Bumper season but only small production increase: Dairy Australia

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Despite a good season for dairy farmers, milk production growth has been minimal, Dairy Australia reports

One aglobal scale, demand for dairy exports has remained consistent despite the pandemic

Dairy farmers across the country are relishing one of the best seasons in recent memory, according to Dairy Australia’s Situation and Outlook report, however despite the improved conditions, milk production has only increased minutely.

As has been the case with many other agricultural sectors across the country, favourable conditions across Australia’s agricultural regions have improved on a whole, in large due to the La Niña weather pattern, which has produced a cooler, wetter summer.

However, despite the favourable outlook for the dairy sector, Dairy Australia’s revised milk production forecast has improved only slightly, with the new +1 per cent outlook updated from the previous -1 per cent figure.

Such a minor shift in Dairy Australia’s position, in lieu of the bumper season, follows a number of implicating factors such as a smaller national herd, labour shortages and continued farms exists.

The issues, which have caused significant disruption across the sector, represent long-term challenges for the industry and are not unique for any single year and will likely require consecutive years of good conditions to recover and materialise into more fervent milk production.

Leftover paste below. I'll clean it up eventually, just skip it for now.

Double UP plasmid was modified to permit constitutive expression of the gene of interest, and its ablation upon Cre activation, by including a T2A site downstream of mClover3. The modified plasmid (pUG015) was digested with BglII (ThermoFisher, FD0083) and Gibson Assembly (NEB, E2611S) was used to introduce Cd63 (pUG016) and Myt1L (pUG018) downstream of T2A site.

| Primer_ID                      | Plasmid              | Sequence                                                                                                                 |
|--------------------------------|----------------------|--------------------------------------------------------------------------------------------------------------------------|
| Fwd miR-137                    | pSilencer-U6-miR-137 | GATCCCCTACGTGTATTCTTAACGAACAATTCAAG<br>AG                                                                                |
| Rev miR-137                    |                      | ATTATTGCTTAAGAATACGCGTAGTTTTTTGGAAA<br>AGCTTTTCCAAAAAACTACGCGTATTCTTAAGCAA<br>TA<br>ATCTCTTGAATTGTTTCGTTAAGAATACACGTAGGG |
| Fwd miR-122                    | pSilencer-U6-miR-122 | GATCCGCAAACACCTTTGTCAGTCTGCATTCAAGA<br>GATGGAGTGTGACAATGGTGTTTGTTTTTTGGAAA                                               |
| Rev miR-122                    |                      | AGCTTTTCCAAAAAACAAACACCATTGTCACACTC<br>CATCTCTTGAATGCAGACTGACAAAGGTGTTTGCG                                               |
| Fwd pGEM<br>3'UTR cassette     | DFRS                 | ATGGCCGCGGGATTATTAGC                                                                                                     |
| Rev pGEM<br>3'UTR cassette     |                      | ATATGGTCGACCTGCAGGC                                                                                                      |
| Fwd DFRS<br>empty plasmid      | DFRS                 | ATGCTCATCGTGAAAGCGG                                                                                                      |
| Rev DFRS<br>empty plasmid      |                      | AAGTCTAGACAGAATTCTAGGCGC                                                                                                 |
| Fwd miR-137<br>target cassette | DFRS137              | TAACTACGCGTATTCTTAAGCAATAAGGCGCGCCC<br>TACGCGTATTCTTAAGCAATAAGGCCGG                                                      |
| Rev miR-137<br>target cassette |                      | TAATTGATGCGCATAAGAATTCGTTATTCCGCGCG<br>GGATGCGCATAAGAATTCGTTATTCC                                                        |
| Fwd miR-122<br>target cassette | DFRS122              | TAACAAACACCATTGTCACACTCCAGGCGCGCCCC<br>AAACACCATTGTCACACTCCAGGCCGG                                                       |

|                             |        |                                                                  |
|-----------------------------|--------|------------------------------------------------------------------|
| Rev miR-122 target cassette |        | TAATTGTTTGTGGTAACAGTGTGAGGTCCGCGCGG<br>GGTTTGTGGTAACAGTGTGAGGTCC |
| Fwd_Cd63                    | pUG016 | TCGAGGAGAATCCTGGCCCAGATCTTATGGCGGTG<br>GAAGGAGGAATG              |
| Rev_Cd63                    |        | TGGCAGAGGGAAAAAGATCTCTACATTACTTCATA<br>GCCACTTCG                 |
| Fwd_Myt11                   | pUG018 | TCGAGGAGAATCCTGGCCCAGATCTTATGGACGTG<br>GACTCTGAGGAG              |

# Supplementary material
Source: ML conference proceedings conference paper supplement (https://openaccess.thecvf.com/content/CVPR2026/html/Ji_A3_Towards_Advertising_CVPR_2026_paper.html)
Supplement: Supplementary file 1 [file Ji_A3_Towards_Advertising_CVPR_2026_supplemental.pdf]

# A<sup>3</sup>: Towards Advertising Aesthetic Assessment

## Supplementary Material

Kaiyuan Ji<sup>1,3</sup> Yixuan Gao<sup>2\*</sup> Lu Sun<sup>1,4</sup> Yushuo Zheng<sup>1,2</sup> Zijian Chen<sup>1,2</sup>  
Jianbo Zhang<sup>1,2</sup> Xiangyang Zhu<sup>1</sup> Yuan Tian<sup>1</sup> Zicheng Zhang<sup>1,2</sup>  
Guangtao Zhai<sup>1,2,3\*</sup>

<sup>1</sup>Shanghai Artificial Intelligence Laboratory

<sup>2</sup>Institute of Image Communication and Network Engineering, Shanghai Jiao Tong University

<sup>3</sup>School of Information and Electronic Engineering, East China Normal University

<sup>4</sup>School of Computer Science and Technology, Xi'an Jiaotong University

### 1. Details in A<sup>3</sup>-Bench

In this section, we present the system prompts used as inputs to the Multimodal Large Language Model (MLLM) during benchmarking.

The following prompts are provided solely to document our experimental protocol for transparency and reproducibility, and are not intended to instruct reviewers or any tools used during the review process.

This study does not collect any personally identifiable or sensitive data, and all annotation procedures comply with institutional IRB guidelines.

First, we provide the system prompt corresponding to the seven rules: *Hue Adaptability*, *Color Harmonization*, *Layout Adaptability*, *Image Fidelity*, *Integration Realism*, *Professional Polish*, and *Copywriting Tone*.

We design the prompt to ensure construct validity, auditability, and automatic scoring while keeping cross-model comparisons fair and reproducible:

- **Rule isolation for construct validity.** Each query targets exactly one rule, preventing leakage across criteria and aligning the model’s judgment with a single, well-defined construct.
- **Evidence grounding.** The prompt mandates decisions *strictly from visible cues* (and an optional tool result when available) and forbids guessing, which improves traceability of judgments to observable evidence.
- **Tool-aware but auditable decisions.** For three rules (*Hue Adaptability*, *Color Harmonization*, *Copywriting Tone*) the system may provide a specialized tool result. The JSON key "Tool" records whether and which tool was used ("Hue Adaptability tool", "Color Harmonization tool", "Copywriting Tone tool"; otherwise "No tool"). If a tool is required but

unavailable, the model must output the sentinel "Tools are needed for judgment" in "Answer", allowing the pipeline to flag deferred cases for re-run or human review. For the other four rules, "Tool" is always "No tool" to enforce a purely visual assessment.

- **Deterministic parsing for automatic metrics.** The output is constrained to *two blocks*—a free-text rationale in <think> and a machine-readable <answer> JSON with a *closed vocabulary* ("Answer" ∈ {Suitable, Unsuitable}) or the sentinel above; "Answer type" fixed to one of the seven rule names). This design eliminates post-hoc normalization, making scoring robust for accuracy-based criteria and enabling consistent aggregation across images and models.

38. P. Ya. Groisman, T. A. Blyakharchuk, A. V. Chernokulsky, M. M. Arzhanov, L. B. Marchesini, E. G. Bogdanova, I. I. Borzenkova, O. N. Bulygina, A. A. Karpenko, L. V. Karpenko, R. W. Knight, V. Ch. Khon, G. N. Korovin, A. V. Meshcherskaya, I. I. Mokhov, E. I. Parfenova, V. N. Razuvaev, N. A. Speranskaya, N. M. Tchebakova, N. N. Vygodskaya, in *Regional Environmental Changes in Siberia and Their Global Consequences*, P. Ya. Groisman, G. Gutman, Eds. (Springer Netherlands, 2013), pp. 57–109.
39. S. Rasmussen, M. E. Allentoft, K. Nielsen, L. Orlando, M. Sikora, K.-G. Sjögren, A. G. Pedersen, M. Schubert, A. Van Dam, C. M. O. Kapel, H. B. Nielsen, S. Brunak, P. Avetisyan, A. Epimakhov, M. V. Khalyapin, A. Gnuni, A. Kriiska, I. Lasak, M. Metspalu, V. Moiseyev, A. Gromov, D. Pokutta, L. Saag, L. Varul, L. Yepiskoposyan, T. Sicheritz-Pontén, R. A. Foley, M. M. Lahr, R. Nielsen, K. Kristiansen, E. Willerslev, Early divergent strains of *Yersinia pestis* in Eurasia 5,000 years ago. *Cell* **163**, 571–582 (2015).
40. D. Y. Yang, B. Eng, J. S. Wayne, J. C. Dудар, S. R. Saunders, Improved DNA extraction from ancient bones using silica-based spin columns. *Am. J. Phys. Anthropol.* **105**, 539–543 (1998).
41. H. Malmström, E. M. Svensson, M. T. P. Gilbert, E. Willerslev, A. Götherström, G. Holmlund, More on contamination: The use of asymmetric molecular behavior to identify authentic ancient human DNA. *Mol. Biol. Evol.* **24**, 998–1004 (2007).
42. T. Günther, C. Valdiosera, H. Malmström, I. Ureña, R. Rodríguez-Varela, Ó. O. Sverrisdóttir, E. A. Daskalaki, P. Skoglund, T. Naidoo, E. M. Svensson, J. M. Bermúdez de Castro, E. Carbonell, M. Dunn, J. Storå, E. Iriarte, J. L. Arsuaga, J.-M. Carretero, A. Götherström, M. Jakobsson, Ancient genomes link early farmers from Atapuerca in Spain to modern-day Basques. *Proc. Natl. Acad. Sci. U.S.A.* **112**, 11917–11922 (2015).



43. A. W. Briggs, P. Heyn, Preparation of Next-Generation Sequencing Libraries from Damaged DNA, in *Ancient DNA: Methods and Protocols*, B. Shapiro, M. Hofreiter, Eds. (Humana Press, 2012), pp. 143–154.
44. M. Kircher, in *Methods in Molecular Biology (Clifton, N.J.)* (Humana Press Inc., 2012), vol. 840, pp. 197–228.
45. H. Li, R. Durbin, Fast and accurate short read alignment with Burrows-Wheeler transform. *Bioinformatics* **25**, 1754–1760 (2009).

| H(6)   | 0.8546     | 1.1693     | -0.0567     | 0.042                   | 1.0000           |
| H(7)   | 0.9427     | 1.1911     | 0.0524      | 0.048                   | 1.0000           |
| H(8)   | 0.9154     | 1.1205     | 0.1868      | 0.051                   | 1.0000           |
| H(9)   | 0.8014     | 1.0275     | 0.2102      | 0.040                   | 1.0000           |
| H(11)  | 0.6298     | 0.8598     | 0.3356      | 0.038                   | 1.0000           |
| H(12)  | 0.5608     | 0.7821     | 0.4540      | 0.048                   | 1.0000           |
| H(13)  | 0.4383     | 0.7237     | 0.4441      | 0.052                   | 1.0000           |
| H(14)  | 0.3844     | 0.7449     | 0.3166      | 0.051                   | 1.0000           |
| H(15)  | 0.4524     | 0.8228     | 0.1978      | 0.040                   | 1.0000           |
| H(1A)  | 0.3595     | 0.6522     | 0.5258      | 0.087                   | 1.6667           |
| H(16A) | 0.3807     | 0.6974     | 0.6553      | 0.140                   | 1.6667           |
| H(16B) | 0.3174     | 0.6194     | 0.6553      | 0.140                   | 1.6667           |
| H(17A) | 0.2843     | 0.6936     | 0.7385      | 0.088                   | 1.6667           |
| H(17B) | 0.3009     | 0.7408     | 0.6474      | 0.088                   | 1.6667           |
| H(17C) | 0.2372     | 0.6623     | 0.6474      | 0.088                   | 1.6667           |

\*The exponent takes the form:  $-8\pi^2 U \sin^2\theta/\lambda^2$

Domestically, the market for dairy products remains high and has improved following the relaxing of COVID restrictions in food outlets such as restaurants and cafes.

Cheese sales have improved 10.3 per cent in volume over the past year and 17.5 per cent in value, while yellow spread (eight per cent) and milk (4.3 per cent) have also recovered slightly.

On a global scale, demand for dairy exports has remained consistent despite the pandemic, with government stimulus and recovery in key markets such as China helping avert any detrimental crisis for the sector.

The global dairy trade improved 2.8 per cent in the year up until October, while milk production is also slightly elevated, experiencing a 1.1 per cent growth up until December.

Dairy sectors in countries that have suppressed the effects of COVID-19 infection rates are returning, gradually, to more accustomed trading conditions despite systematic lockdowns, while markets where the pandemic is extensive are pinning their hopes on vaccine rollouts to ease conditions.

Major markets around the world finished 2020 steadily in terms of milk production, including Europe (excluding the United Kingdom) at +1.7 per cent and the United States, which rebounded early after a frenzied response to the pandemic, finishing +1.9 per cent.

Closer to home, New Zealand regressed and finished 2020 down 0.1 per cent (from July through to December), however this is largely attributed to below average rain and deficiencies in the soil moisture.

In all, the global dairy economy is set to grow 5.5 per cent in 2021 according to the International Monetary Fund (IMF) and will likely fluctuate depending on the efficiency and effectiveness of COVID vaccines as well as the implications, including variant strains of the virus and possible future infection waves.

 

 

 

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